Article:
It certainly has some quite stunning photos, especially where they relate to specific text and many thought provoking points come across but I was left with the impression that there should have been more or a different way to explain what there is. The book's photos are a key element in how to understand what is going on and I would have preferred to have seen others that didn't work as obviously as the ones that do. Shore, like any creative photographer, must have taken many images that he doesn't think work as well as the final choice. Seeing some lesser alternatives to the ones in the book would have improved it no end by explaining why photo A reveals a fundamental point beautifully but photo B doesn't. I thought too many visual concepts were put across more by words than images.

Shore says that he used Szarkowski's The Photographer's Eye when he started teaching and his book carries on the theme. Overall I still prefer Szarkowski's book, there are far more photos included and the presentation is much more user friendly than the hard edge Phaidon design, with its excessive amounts of empty page space and trendy use of a typewriter font for every bit of text.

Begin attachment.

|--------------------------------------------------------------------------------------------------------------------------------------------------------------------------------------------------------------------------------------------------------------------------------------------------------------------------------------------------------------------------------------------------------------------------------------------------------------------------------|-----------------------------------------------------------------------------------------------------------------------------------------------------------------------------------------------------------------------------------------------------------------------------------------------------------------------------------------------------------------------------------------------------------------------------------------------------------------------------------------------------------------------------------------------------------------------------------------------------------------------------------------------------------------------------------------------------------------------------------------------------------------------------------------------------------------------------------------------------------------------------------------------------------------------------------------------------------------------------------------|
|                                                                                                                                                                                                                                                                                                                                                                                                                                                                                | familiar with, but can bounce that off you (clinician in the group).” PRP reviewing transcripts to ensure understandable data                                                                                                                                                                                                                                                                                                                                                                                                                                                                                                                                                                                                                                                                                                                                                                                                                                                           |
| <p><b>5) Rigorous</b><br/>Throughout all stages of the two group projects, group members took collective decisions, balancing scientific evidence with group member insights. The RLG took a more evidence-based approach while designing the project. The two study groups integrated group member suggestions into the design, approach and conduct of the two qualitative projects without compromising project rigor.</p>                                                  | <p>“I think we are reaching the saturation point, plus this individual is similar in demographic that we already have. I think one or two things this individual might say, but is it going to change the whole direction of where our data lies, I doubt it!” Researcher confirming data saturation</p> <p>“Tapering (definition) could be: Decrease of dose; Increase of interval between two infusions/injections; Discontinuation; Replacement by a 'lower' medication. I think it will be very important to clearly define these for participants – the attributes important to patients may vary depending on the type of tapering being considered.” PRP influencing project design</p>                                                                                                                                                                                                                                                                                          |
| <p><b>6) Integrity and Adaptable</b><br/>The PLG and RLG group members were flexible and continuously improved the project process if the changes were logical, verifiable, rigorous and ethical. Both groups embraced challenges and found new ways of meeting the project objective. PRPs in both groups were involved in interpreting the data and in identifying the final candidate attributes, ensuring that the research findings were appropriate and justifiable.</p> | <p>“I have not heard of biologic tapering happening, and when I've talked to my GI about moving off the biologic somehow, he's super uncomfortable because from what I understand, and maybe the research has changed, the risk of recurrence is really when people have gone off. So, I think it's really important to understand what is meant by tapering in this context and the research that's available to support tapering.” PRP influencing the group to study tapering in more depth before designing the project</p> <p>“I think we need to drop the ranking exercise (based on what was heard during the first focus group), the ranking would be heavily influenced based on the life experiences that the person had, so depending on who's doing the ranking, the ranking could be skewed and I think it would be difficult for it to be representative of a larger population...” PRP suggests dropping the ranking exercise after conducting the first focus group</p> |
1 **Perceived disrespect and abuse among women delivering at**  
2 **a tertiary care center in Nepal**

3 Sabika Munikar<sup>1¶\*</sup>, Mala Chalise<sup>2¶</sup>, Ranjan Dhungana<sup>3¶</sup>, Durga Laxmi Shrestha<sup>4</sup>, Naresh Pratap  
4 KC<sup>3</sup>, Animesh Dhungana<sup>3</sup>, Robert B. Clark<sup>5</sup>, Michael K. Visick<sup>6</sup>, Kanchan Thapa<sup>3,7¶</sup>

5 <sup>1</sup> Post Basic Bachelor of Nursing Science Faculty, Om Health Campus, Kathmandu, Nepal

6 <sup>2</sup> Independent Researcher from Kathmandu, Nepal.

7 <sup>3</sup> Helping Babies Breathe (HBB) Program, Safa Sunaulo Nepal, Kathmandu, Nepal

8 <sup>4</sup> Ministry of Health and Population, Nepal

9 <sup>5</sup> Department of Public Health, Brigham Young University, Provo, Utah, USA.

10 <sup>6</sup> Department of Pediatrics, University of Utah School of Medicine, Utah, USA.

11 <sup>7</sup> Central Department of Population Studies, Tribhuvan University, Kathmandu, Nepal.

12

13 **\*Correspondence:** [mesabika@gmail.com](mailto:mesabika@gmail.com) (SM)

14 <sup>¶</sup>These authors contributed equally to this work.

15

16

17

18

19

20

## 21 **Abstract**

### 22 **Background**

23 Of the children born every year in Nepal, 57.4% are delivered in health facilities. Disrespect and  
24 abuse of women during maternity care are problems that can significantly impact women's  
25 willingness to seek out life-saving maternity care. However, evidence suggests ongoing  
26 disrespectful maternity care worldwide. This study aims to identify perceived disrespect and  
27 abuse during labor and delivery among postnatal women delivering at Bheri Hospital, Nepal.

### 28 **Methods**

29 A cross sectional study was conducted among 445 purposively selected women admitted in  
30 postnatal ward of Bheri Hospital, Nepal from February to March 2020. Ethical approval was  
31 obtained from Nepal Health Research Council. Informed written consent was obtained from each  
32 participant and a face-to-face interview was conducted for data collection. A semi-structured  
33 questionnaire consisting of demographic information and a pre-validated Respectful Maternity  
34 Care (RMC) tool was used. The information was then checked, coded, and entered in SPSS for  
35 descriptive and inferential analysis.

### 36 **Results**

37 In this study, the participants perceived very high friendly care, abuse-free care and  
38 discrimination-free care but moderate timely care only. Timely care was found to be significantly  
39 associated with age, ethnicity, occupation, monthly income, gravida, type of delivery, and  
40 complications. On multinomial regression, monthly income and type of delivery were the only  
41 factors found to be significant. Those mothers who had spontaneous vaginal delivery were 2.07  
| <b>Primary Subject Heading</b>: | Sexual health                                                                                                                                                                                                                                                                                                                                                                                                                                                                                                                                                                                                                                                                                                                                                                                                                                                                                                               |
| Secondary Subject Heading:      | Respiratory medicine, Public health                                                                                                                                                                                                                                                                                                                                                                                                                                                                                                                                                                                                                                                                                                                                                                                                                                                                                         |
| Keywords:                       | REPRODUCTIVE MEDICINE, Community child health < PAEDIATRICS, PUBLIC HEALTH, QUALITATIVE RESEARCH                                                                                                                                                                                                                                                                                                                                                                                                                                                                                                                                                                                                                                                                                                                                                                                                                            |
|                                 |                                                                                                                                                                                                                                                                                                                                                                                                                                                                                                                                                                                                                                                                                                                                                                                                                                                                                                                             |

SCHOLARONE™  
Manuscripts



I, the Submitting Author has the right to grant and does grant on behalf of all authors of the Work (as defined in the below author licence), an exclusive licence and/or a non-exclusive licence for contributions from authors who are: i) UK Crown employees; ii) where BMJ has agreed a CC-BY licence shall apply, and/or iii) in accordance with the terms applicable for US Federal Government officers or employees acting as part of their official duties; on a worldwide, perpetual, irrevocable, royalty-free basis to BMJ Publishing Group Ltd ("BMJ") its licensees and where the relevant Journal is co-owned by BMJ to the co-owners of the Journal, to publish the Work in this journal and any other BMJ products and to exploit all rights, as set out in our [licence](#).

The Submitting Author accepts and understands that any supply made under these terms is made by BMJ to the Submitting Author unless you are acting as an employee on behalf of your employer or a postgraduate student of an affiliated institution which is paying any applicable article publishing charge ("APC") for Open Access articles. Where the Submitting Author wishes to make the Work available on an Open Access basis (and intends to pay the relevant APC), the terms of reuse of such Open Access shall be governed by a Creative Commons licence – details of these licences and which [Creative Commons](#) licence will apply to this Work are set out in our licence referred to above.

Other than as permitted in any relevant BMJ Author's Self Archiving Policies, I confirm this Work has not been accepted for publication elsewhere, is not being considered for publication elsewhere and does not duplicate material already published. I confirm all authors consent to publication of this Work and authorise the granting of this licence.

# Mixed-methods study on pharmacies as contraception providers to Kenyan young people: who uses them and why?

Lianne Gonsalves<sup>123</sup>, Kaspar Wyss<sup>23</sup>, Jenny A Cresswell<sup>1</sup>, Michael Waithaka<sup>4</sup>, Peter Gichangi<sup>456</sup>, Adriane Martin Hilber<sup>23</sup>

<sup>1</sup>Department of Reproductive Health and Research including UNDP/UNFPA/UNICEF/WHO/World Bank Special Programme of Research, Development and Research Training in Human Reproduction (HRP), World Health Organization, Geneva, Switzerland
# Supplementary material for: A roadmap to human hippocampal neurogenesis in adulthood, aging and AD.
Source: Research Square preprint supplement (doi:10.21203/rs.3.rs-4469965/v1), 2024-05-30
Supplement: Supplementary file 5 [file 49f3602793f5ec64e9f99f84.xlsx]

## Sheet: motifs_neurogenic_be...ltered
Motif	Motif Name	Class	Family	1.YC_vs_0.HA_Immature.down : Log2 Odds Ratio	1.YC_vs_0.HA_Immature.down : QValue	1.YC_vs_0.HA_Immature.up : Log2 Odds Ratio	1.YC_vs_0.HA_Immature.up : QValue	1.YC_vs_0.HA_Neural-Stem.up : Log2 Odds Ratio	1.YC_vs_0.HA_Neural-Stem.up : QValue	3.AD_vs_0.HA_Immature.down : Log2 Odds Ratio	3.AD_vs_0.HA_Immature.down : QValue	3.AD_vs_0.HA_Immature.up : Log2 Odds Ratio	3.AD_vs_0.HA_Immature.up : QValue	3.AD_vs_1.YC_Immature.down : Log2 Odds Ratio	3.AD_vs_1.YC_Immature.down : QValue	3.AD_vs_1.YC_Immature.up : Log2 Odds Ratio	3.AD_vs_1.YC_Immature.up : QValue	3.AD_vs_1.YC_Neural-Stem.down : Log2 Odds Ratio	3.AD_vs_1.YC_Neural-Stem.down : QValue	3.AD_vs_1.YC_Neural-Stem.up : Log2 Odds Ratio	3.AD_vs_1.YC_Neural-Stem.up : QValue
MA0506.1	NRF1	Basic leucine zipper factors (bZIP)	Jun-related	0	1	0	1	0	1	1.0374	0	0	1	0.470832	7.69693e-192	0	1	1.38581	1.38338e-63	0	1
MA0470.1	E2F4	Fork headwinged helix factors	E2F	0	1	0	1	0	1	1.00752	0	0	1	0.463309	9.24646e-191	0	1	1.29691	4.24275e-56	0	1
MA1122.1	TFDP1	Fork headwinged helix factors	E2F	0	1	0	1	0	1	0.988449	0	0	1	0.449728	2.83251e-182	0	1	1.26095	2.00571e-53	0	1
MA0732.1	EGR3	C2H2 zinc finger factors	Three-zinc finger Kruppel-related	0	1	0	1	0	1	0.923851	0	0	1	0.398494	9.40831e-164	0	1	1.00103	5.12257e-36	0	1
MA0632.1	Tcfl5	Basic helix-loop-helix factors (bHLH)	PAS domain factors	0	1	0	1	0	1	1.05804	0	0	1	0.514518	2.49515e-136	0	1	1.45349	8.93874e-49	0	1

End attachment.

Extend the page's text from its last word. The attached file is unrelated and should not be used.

Incidentally as both books are concerned with image appreciation and understanding maybe a DVD format would work just as well as these printed versions.

***LOOK INSIDE THE BOOK by clicking 'customer images' under the cover.
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Format: Paperback
This book was my first semester text book. When I read it, I found it is not only good to person who start learn photography, is also good to person who already have some experience. It isn't talk about technology, just about photographs. It remind people to understand what is the most important thing when you taking photo. I feel when we do same thing over and over, sometime we forget why I do that like this way. And never reflect. I learned and recalled many things from this book. So I give it 5 stars.